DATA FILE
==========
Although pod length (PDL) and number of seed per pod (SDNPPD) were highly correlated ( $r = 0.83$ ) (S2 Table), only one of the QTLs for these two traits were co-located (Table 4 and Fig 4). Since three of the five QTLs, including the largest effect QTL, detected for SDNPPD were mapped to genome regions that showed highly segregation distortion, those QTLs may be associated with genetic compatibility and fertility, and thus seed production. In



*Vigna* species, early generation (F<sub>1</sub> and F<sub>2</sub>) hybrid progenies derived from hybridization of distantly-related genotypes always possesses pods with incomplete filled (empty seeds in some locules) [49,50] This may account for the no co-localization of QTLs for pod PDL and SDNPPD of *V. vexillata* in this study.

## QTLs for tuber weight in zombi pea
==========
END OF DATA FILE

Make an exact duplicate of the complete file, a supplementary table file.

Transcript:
Although pod length (PDL) and number of seed per pod (SDNPPD) were highly correlated ( $r = 0.83$ ) (S2 Table), only one of the QTLs for these two traits were co-located (Table 4 and Fig 4). Since three of the five QTLs, including the largest effect QTL, detected for SDNPPD were mapped to genome regions that showed highly segregation distortion, those QTLs may be associated with genetic compatibility and fertility, and thus seed production. In



*Vigna* species, early generation (F<sub>1</sub> and F<sub>2</sub>) hybrid progenies derived from hybridization of distantly-related genotypes always possesses pods with incomplete filled (empty seeds in some locules) [49,50] This may account for the no co-localization of QTLs for pod PDL and SDNPPD of *V. vexillata* in this study.

## QTLs for tuber weight in zombi pea